When you’re in high school and college, it is pretty easy to know what you’re going to do next. Within a single class, you’re given a syllabus with each and every assignment, reading, and text that you will have throughout the course (with some additional resources if you’re lucky). Even in the bigger picture, both high school and college have some sort of ‘degree plan’. That makes it easy to decide which classes to take, and in what order they need to be taken.
However, when you begin to learn on your own, you have to design your own curriculum, based on your own needs and wants. And that can be the most stressful thing of all about the whole thing. Because one class is great for a basic understanding of a single subject, but if you really want to give yourself a leg up for the future, you’re going to need more than a single class (and usually more than a single subject). So, here are my tips for creating your own ‘syllabus’ and ‘degree plan’.
#1: Do. Your. Research.
I cannot possibly stress this enough. To get the best experience and range of knowledge, your ‘degree plan’ should span a variety of platforms and subjects. Just because there is a course you want to take on edX doesn’t mean that you shouldn’t take a more advanced course on MIT OpenCourseWare later on. And it doesn’t all have to be online! Feel free to look into textbooks used by college courses in your subjects.
#2: Make a list of courses or resources that you need to get through.
Don’t worry about the order of this list for now. Don’t worry about the size of the list either. Your curriculum can take you 6 months, or it can take you 6 years. It’s completely up to you, and the mastery level you want to achieve.
#3: Organize that list into a reasonable order.
Put the easier, overview-style classes first, and then start adding in the textbooks and advanced classes in an order that makes sense to you (it doesn’t have to make sense to anyone else).
#4: Write down a reasonable schedule for you to get through.
Some of your courses or resources make that easy, like the deadlines set out on sites like Coursera and edX, but others you will have to make up yourself, like with textbooks or sites like Codecademy, that are self-paced. While you’re doing this, you can notate which courses, if any, are only available at certain times of the year, and schedule around that.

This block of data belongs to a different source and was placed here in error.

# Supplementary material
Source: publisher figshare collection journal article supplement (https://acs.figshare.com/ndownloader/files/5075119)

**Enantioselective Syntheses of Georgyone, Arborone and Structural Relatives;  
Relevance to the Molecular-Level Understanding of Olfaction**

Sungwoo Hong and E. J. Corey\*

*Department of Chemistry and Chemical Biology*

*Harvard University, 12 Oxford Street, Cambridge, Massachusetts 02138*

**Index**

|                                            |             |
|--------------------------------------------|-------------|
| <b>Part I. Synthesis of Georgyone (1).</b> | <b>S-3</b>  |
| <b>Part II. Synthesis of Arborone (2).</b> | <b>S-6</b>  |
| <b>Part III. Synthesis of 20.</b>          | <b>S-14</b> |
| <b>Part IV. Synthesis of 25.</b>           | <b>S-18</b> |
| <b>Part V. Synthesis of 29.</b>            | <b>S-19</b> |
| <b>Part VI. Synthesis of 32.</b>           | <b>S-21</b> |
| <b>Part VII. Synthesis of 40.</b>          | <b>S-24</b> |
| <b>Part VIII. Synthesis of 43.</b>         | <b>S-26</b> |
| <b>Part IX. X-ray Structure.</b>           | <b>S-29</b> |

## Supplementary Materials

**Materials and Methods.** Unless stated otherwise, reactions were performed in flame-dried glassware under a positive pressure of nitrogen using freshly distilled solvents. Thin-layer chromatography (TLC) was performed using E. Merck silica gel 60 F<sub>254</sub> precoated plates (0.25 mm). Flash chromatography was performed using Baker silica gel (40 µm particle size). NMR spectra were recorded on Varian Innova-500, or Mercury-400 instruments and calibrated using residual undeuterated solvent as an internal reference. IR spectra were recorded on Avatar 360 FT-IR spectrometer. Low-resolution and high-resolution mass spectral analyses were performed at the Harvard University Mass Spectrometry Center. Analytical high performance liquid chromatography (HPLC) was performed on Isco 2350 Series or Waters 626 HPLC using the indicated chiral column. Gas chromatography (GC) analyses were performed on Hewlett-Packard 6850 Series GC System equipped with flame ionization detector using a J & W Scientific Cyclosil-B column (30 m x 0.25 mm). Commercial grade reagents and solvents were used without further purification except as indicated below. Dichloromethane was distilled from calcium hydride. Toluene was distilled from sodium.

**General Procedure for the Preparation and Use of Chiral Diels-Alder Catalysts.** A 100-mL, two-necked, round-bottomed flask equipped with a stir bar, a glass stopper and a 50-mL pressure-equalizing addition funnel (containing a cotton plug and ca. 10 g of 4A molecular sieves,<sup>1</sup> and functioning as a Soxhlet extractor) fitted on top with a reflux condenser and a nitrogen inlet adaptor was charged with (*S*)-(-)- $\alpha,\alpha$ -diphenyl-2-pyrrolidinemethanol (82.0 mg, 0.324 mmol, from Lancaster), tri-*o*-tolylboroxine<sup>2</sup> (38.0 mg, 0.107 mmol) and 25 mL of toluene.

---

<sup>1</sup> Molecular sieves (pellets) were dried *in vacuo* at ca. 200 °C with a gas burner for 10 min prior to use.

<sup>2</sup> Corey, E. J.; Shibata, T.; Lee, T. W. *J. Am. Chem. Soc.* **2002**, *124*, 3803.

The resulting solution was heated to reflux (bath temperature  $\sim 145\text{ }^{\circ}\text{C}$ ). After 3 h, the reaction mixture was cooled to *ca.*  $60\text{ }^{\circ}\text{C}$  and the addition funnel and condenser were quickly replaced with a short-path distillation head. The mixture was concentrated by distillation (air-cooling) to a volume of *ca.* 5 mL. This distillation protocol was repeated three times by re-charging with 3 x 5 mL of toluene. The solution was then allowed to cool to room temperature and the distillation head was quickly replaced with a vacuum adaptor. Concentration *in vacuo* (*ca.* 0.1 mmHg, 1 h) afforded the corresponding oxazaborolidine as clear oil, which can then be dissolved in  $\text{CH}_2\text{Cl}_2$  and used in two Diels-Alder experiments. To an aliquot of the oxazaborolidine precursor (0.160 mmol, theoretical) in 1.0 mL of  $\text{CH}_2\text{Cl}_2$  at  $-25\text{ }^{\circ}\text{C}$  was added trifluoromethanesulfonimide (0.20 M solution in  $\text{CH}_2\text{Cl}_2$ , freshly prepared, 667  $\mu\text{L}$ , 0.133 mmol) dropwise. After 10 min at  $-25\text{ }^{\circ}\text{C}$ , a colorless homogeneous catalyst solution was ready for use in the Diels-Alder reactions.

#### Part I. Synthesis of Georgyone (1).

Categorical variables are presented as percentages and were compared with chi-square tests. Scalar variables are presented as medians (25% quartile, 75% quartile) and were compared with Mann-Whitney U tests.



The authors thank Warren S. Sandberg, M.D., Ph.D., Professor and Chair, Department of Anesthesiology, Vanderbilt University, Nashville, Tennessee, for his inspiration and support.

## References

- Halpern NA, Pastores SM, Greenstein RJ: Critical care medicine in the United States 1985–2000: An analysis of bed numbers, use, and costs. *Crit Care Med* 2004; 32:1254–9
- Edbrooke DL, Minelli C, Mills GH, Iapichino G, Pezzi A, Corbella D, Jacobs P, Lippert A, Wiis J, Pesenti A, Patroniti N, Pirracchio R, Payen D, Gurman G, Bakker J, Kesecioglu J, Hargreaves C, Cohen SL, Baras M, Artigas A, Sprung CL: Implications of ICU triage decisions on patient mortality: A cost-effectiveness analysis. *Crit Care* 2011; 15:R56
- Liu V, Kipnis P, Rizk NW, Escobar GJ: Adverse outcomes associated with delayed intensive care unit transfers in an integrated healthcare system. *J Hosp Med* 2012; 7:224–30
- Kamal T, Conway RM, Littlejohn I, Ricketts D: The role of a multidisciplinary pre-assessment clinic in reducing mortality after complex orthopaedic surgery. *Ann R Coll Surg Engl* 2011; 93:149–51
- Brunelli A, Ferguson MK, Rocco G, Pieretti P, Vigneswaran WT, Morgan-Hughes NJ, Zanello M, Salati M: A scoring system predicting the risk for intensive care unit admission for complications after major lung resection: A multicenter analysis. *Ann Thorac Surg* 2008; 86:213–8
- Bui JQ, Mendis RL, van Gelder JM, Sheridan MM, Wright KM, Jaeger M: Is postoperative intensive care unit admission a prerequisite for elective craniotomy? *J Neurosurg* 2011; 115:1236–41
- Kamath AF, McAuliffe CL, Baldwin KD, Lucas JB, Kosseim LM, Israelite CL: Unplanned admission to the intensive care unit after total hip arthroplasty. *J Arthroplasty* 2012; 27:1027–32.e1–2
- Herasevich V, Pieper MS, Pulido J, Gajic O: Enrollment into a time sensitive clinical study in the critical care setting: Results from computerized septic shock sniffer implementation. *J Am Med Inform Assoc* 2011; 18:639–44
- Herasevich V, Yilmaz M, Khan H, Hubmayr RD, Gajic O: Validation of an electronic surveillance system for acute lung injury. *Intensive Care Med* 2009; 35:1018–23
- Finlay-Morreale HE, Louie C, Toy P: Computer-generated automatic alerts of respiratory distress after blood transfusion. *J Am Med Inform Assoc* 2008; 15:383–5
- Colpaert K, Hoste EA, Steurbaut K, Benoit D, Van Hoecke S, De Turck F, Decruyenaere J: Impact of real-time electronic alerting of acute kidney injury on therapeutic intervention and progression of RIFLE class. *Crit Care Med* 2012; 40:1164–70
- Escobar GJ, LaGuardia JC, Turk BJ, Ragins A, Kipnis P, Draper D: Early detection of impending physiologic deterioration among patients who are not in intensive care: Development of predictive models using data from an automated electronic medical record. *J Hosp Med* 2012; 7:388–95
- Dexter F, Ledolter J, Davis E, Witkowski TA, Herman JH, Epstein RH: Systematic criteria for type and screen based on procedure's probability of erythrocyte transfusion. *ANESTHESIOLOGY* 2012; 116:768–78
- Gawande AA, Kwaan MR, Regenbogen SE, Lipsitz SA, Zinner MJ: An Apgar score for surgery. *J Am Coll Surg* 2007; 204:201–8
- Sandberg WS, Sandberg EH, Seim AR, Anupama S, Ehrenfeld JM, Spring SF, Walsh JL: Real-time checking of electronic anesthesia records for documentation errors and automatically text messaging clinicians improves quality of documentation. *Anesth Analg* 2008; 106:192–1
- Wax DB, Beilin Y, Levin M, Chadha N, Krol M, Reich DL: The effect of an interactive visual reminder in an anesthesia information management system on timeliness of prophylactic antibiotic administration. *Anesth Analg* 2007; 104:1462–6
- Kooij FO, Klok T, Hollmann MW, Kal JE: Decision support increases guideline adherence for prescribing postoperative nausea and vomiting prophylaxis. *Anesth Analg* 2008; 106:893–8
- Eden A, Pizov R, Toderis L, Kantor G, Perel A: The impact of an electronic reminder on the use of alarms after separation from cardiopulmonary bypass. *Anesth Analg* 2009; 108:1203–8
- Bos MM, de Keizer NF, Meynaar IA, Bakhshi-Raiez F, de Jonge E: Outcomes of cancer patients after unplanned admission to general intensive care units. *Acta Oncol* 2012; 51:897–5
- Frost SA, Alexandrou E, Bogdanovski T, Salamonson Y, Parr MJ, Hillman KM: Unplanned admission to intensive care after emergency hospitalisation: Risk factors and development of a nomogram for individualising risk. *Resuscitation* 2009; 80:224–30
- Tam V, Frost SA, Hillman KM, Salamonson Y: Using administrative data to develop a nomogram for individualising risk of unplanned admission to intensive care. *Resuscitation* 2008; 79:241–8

#5: Follow your schedule.
The schedule is there to keep you motivated and accountable, so you always know where you’re going. BUT – like I said in my previous post – don’t be afraid to step back and reevaluate your curriculum. I often have the trouble that ‘my eyes are bigger than my stomach’ as far as time commitment goes, and I count myself in for way more than I can actually handle.
Or maybe you’ve realized as you’re going through your curriculum that you’re interested in taking the subject in a different direction than you planned for. You don’t have to finish the curriculum that you made! You can make a new one! All you perfectionists and completionists out there, I feel you, I understand, but it’s really okay. There’s no registrar’s office or school counselor that will judge you for changing a curriculum you made yourself.
5 steps. It seems so simple now, doesn’t it? The whole process can be done in a single afternoon. There are only really 2 tough parts: the first is the research. But if you’re new to online learning, and you don’t know where to start, check out my Learning Resources board on Pinterest. I’ve been collecting resources on all subjects for years, and I pinned them all to that board just for you!
The second tough part is sticking with your syllabus and whittling away at that 10,000 hours toward mastery, and that’s all up to you. But whenever you feel like maybe you’ll never understand the subject, or you just feel like procrastinating, remind yourself of whatever reason you have for doing this in the first place.
Also, if you’re feeling really lost, and don’t think you can put it together on your own, let me do it for you! Visit my Services page for more info, or email me at firstname.lastname@example.org.
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